Extreme polarization does not just make for unpleasant Thanksgiving dinners with relatives who don’t see eye to eye on politics. A growing body of evidence has shown that polarization and tribalism can weaken the very foundations of democracy. It seems like almost every day an op-ed appears lamenting that the United States is the most divided it's ever been. Whether or not this is true is beside the point. One need only to look at the gridlock that has seized the highly partisan Congress to see that there are, in effect, two Americas: one red, one blue.
But focusing only on the negative news about polarization can lead to demoralization and a sense of helplessness. Even if you are concerned or passionate about politics, hearing only about what’s going wrong can make you feel discouraged. Therefore, the stories in this collection highlight solutions to the issue of social and political polarization. Members of American civil society are not waiting for Congress to bridge the divide; these stories represent instances where citizens are able to break down partisan divides and reconnect on a human level, showing something so simple, yet so powerful: a willingness to talk.
Click here for more stories in the Solutions Story Tracker on Democracy.
- With one of your own communities in mind (school, church, hometown) consider some dominant structural drivers of polarization. You might begin with "gerrymandering;" define the term and discuss how it contributes to political polarization.
- After reading the piece by David D. Haynes about bridging the red and blue divide, explain the motivations behind the founding of the nonprofit organization Civil Politics. Explain the goals, tactics, and challenges that have characterized the organization’s work. Can you identify other groups or organizations that work to promote civil discourse? Does your university engage in any such actions? If not, is this model something that could potentially work at your school or university?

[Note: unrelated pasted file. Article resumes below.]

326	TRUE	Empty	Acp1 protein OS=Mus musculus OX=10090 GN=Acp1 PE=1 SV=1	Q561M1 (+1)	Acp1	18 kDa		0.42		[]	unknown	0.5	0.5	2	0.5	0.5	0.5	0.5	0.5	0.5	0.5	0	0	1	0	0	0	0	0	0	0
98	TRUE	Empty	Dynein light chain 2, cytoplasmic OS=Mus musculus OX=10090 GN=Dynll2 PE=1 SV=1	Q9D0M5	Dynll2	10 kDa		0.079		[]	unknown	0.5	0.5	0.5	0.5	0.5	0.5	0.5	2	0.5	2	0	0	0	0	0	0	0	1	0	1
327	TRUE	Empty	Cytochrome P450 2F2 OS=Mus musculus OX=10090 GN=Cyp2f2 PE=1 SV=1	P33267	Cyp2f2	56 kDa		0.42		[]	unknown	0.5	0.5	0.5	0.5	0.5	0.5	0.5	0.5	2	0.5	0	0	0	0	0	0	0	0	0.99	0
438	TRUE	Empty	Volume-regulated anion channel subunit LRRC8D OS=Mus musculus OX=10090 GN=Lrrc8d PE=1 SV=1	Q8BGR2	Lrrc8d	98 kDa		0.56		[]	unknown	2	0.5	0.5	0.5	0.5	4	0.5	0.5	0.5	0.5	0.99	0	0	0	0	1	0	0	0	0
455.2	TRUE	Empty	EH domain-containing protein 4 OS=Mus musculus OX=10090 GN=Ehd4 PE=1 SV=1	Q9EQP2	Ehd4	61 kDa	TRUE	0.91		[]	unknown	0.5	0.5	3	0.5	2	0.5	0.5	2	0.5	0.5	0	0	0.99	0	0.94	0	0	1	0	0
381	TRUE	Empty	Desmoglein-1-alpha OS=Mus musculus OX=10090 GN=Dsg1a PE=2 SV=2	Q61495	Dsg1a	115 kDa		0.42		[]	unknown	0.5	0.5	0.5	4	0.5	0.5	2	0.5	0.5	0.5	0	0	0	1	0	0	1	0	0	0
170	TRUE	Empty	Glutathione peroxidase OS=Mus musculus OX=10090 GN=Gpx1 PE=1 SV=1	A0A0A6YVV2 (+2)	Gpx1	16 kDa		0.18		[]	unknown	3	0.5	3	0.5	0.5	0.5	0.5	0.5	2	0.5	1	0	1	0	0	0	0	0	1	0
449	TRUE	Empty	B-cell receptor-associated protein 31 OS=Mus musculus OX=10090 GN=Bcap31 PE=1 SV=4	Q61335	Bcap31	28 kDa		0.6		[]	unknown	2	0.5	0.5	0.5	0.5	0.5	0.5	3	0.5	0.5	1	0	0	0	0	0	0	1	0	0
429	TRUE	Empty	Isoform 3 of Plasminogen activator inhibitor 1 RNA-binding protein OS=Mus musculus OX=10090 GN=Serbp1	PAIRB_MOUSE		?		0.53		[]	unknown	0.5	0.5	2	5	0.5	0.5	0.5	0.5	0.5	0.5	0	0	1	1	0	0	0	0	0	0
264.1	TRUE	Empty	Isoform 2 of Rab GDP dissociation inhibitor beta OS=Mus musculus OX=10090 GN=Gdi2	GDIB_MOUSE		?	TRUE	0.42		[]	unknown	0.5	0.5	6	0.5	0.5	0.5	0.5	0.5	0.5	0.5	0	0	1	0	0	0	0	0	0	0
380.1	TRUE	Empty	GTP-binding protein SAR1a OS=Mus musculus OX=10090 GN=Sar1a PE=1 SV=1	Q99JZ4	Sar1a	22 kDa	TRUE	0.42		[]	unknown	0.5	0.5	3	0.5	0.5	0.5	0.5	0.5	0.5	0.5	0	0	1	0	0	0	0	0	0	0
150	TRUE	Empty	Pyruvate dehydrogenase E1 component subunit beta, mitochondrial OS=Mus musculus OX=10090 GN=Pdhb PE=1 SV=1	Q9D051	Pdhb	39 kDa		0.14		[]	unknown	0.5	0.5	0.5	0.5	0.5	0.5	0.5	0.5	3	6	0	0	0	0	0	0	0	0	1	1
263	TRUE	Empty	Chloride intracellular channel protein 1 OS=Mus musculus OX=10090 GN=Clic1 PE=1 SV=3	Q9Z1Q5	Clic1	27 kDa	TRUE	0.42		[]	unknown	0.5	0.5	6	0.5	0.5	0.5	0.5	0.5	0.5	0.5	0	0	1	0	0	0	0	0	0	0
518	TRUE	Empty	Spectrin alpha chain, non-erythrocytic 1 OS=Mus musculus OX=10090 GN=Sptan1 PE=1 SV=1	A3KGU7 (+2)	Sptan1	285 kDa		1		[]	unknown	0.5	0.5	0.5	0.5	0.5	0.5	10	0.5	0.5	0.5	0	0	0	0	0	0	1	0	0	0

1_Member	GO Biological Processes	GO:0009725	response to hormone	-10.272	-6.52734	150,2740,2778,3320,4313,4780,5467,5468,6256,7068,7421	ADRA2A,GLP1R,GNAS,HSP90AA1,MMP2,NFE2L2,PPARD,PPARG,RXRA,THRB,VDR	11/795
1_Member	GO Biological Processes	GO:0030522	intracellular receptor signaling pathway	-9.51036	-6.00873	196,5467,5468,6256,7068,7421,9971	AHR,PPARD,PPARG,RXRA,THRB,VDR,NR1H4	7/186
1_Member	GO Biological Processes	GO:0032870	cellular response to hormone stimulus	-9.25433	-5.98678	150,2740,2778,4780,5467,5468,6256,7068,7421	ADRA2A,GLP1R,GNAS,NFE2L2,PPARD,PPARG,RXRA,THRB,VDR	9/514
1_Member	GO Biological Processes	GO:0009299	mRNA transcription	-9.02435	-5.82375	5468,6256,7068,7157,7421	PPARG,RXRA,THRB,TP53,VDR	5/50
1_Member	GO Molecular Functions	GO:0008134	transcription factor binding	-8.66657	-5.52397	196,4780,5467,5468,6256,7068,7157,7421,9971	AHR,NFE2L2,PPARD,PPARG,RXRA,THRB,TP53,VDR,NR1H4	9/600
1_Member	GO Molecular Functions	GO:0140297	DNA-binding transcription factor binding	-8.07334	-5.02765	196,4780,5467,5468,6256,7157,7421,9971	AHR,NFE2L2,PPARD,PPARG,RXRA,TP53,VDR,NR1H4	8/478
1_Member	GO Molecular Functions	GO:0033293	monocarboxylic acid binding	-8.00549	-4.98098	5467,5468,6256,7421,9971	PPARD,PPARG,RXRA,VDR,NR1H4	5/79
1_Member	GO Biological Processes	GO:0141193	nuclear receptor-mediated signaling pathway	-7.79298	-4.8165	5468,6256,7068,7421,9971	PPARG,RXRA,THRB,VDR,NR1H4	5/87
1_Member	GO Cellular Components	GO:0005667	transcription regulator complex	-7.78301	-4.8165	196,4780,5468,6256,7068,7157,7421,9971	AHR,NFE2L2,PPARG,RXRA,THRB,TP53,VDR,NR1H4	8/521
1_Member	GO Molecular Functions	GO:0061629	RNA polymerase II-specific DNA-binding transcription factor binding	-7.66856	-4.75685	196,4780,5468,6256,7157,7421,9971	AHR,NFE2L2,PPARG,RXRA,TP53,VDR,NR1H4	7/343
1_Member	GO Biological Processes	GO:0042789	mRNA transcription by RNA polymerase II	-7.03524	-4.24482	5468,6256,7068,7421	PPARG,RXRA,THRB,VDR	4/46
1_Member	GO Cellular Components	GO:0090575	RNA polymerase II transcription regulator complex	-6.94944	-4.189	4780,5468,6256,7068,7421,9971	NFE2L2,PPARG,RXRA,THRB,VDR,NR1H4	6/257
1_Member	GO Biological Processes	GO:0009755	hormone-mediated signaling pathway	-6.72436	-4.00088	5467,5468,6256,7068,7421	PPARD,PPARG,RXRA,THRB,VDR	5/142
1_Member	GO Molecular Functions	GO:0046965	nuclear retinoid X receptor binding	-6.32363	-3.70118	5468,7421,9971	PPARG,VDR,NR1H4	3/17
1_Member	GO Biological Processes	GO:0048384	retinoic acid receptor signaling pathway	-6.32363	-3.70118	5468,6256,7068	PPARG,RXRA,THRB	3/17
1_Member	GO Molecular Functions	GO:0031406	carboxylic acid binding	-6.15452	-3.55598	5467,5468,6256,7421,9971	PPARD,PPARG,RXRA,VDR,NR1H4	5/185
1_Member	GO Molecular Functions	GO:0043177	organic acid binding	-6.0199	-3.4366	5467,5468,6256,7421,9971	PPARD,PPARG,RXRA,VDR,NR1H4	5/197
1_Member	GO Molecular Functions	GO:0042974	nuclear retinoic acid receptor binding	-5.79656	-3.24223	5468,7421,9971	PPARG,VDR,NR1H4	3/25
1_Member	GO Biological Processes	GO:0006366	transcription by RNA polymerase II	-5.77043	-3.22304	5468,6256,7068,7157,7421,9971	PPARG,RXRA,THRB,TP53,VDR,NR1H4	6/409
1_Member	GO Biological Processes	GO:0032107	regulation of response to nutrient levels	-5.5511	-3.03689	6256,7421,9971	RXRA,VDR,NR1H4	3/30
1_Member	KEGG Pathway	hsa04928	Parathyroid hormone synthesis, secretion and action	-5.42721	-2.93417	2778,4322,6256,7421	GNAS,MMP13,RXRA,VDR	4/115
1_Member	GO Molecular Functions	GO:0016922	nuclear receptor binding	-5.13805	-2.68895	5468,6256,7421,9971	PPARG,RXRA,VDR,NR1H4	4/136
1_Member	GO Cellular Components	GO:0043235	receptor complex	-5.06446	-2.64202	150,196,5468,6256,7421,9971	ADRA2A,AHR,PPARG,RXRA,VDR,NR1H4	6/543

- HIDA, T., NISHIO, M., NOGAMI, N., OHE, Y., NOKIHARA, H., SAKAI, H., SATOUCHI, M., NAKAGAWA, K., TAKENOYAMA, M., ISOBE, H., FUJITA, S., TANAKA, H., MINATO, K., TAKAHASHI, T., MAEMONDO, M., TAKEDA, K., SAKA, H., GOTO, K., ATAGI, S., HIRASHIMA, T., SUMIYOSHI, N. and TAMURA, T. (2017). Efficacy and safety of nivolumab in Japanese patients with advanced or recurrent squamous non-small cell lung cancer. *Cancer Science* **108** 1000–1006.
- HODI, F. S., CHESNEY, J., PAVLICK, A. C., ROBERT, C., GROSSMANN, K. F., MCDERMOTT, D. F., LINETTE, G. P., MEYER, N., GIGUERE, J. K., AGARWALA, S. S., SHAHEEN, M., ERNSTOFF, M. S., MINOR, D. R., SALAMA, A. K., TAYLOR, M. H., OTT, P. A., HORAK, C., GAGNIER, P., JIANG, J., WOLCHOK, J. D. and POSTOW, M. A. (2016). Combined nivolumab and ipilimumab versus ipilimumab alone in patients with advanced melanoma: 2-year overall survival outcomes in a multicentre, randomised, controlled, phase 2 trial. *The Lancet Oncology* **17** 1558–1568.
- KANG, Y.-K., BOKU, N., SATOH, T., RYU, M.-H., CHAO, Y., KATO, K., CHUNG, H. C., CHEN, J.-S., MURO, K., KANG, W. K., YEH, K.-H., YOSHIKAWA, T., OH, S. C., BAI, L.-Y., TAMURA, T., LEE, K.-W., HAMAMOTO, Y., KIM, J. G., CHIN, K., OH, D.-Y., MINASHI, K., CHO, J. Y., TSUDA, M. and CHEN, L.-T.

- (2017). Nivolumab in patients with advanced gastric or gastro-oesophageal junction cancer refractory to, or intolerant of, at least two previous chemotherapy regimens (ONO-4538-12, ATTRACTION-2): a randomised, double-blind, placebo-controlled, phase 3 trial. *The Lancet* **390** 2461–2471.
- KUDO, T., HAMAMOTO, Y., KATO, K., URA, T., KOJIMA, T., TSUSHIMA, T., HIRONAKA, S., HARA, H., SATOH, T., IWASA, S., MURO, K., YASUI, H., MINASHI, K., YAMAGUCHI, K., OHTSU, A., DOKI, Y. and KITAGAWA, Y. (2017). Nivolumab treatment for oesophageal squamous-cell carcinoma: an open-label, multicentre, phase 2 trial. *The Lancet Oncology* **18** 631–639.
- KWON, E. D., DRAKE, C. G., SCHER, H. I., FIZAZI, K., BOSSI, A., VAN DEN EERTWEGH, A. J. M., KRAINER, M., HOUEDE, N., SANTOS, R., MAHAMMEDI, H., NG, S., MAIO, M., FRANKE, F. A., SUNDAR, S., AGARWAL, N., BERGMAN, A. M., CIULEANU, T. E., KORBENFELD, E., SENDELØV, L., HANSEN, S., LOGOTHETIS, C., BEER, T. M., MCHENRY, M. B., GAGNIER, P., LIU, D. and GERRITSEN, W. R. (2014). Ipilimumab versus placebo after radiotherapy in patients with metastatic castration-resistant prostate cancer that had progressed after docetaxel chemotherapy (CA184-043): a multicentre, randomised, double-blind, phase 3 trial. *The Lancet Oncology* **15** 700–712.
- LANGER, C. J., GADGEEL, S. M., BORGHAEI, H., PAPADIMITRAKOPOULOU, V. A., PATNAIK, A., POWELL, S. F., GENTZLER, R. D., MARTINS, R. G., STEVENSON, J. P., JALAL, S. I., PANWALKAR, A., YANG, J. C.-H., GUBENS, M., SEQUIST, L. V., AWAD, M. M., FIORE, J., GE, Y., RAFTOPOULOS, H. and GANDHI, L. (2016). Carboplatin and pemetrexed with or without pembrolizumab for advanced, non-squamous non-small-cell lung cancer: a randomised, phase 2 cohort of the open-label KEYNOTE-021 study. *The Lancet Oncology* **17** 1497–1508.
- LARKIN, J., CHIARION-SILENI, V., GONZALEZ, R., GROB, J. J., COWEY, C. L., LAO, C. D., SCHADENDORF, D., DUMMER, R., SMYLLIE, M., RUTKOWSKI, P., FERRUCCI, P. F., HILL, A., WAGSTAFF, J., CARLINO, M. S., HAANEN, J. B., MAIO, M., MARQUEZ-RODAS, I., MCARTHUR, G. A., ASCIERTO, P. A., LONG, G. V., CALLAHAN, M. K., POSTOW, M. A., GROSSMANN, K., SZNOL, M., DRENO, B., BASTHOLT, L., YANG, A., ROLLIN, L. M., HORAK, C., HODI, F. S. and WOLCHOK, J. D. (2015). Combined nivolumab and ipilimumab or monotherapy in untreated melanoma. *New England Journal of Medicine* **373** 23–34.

- Now, let's consider the interpersonal and social factors that fuel polarization in politics. Can you find different causes when you examine tension between two individuals versus two groups in your selected community? For example, consider the role of media filter bubbles. What are they and what is their significance?
- Choose an Issue Area or a Success Factor related to decreasing polarization. Then, create a collection and select at least 4 (or more) stories from the Solution’s Story Tracker that relate to your topic. If working in groups, each group can present on the issues and solutions they found most compelling.
- Journalism is a collaborative practice: reporters are writing for their community, but they also depend on community members as sources for information. Indeed, the very purpose of journalism, according to the American Press Institute, is to provide citizens with the information they need to make the best possible decisions about their lives, their communities, their societies, and their governments. With that in mind, SJN wants to help connect news readers and journalists. Beside the name of the journalist on any of our story pages or the results page of the Solutions Story Tracker, you’ll find a Twitter icon that will link you directly to the journalists profile. Tweet at them with questions or compliments about their piece - you might be surprised by how much writers want to engage with their audiences! Don’t forget to tag us too (@soljourno) and use the hashtag #journalistintheclassroom if you are reading as part of an academic assignment.